Chinese satellite snaps new videos and images of Earth and the Moon’s far side


The new footage is courtesy of the Chinese satellite Longjiang-2, which entered lunar orbit in June 2018, and is slowly starting to send information back to Earth, as part of the mission that recently brought China to the far side of the moon for the first time in history.

The Longjiang-2 was launched into space along with China’s Queqiao satellite, a communications probe that’s been playing a crucial role for the country’s recent Chang’e-4 lunar lander.

At the beginning of the year, the Chang’e-4 lander successfully touched down on the far side of the Moon — the side that’s always facing away from Earth.

Queqiao is located in a stable orbit ‘behind’ the moon, where it relays radio signals from Longjiang-2 and the Chang’e-4 lander to Earth.

Without the two satellites, Longjiang-2 and Queqiao, the mission to the far side of the moon would have never been possible.

A third satellite, the Longjiang-1 was supposed to orbit the moon in addition to Longjiang-2 and Queqiao, but China ultimately lost contact with Longjiang-1 as it was traveling to the moon. Luckily for the Chinese, Longjiang-2, and Queqiao have proven to be a success, and they’ve now taken some pretty neat images of Earth’s satellite and the planet.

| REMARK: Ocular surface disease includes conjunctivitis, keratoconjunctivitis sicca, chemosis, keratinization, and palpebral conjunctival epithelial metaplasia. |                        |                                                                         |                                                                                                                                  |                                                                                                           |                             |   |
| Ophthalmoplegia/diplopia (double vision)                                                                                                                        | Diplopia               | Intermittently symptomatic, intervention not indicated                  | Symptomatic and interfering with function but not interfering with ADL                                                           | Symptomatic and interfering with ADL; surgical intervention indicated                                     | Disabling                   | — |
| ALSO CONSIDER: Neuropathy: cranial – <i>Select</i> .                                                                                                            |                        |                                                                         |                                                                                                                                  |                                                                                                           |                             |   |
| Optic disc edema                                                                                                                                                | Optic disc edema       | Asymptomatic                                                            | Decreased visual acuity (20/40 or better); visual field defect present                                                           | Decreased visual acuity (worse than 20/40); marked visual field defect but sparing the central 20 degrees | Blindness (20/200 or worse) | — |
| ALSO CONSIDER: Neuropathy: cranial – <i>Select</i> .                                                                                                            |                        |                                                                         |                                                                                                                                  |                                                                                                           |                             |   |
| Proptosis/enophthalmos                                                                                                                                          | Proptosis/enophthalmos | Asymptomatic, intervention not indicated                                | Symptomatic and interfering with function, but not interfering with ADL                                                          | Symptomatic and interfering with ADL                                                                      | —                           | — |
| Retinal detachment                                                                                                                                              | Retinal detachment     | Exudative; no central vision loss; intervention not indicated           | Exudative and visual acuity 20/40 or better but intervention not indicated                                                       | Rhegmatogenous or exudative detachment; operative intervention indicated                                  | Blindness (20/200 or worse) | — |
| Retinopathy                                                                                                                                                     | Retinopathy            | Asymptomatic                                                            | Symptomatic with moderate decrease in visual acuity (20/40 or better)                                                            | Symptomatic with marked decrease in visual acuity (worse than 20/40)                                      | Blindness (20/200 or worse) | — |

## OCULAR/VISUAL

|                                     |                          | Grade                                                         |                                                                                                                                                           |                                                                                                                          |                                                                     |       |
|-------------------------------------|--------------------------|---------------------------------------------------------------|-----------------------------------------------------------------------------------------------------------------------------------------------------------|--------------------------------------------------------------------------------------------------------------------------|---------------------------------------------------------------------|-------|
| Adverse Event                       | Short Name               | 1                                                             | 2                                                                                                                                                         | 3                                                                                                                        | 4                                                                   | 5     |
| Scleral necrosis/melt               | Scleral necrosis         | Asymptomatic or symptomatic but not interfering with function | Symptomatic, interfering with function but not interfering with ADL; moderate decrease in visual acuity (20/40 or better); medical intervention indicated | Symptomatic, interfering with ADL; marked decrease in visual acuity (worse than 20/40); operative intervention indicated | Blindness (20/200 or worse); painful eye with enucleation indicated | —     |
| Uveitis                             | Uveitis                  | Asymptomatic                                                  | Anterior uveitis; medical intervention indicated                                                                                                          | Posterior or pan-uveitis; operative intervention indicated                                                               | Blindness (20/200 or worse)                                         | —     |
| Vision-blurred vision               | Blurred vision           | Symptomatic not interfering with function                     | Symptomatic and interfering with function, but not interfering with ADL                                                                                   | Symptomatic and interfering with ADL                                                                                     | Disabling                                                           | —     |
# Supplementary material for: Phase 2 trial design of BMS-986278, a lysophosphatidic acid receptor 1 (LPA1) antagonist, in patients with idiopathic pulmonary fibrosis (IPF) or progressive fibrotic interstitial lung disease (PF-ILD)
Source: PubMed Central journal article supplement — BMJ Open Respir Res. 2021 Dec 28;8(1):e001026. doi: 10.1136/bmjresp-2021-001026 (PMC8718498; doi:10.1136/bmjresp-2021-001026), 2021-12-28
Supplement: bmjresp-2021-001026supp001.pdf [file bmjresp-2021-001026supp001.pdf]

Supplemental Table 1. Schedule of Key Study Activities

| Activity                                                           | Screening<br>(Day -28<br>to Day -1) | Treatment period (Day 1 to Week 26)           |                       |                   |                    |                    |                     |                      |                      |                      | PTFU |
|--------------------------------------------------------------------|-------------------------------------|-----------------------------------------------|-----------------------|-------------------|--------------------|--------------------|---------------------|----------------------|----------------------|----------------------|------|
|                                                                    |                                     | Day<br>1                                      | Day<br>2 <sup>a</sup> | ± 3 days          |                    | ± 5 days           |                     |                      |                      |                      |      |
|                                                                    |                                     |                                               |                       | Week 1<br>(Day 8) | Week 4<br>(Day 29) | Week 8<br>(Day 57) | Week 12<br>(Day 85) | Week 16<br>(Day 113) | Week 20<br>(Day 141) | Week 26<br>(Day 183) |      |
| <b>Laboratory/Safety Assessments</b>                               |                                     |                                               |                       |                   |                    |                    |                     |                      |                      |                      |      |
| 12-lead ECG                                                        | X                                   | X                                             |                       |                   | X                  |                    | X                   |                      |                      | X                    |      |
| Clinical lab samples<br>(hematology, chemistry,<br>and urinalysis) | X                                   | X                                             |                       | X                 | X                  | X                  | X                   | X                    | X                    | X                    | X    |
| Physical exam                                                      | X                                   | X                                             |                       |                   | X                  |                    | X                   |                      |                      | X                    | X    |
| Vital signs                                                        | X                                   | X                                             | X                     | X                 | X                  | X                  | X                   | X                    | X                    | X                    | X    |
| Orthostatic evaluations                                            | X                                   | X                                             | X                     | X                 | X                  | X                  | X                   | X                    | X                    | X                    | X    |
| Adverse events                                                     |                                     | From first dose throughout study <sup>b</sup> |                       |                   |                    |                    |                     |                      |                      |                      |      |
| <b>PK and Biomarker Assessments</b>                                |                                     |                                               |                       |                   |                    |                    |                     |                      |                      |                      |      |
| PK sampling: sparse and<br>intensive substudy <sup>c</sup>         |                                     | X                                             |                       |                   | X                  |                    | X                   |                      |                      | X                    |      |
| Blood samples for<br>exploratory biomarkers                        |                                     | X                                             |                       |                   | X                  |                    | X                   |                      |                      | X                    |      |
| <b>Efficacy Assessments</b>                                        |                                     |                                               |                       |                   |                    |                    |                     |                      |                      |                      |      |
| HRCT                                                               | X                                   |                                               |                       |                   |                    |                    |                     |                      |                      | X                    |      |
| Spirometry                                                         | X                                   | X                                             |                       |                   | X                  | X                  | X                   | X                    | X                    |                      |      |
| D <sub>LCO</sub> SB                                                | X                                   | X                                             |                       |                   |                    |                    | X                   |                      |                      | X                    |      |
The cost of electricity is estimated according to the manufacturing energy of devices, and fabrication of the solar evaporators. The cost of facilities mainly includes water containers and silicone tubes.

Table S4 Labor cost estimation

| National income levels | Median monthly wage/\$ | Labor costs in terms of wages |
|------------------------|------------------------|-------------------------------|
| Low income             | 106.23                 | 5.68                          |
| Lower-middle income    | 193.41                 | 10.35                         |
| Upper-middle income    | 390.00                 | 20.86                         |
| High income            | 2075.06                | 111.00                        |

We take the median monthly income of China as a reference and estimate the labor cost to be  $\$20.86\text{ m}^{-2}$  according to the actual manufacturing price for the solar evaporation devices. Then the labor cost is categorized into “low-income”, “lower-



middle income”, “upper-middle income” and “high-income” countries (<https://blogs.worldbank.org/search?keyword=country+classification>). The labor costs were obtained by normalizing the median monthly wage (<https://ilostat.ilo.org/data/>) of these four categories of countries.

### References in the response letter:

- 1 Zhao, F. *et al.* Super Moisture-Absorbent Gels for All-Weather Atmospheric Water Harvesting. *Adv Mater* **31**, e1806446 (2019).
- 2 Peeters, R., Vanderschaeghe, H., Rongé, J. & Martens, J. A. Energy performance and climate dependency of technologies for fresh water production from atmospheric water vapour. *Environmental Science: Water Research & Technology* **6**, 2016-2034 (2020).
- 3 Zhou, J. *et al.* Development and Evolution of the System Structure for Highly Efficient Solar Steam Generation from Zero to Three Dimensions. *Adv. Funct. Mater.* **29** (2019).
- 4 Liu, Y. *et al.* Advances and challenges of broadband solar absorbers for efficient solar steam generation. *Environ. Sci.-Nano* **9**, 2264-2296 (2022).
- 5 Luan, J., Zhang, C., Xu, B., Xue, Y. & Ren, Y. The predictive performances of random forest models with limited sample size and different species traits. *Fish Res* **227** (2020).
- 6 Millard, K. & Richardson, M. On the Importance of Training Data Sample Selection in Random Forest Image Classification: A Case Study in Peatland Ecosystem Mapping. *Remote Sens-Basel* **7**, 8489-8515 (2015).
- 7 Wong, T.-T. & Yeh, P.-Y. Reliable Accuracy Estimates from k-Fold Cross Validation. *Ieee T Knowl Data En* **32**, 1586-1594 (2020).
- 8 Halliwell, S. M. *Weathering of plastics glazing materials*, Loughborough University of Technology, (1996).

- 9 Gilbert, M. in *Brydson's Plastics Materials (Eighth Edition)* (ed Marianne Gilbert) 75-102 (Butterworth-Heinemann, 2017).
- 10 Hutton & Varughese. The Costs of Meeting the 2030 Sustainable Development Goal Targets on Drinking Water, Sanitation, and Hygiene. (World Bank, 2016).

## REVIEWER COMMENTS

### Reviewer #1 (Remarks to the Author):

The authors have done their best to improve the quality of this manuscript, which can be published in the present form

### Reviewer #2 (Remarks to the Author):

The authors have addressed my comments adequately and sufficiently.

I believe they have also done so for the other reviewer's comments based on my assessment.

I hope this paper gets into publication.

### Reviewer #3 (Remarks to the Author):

The Longjiang-2 Satellite was silent as the Chang’e 4 mission was landing on the far side of the moon, and this was to make sure the probe wouldn’t interfere with communications between mission scientists on Earth and the lander.

But now that all systems are a go, and both the lander and lunar rover are exploring the far side of the moon, Longjiang-2 is active again.

And the probe has gotten down to business, taking a time-lapse of the Earth and Moon on February 3rd.

In fact, the satellite snapped several images and time-lapses.

The first photograph of the sequences shows us the moon’s far side in all its splendor with the company of our beloved blue marble.

The first photo snapped by the satellite was downloaded by the Dwingeloo Radio Observatory in the Netherlands.

Interestingly, this is the first time that the Longjiang-2 satellite has captured the entire Moon and Earth in one shot.

Now that it’s taking images and videos again, we can expect to see more stunning material in the near future.

It is expected that Longjiang-2 will maintain its operations until August of 2019, an estimated date when mission specialists plan to crash the microsatellite in a controlled manner into the Moon after the satellite has exhausted all of its fuel.

 


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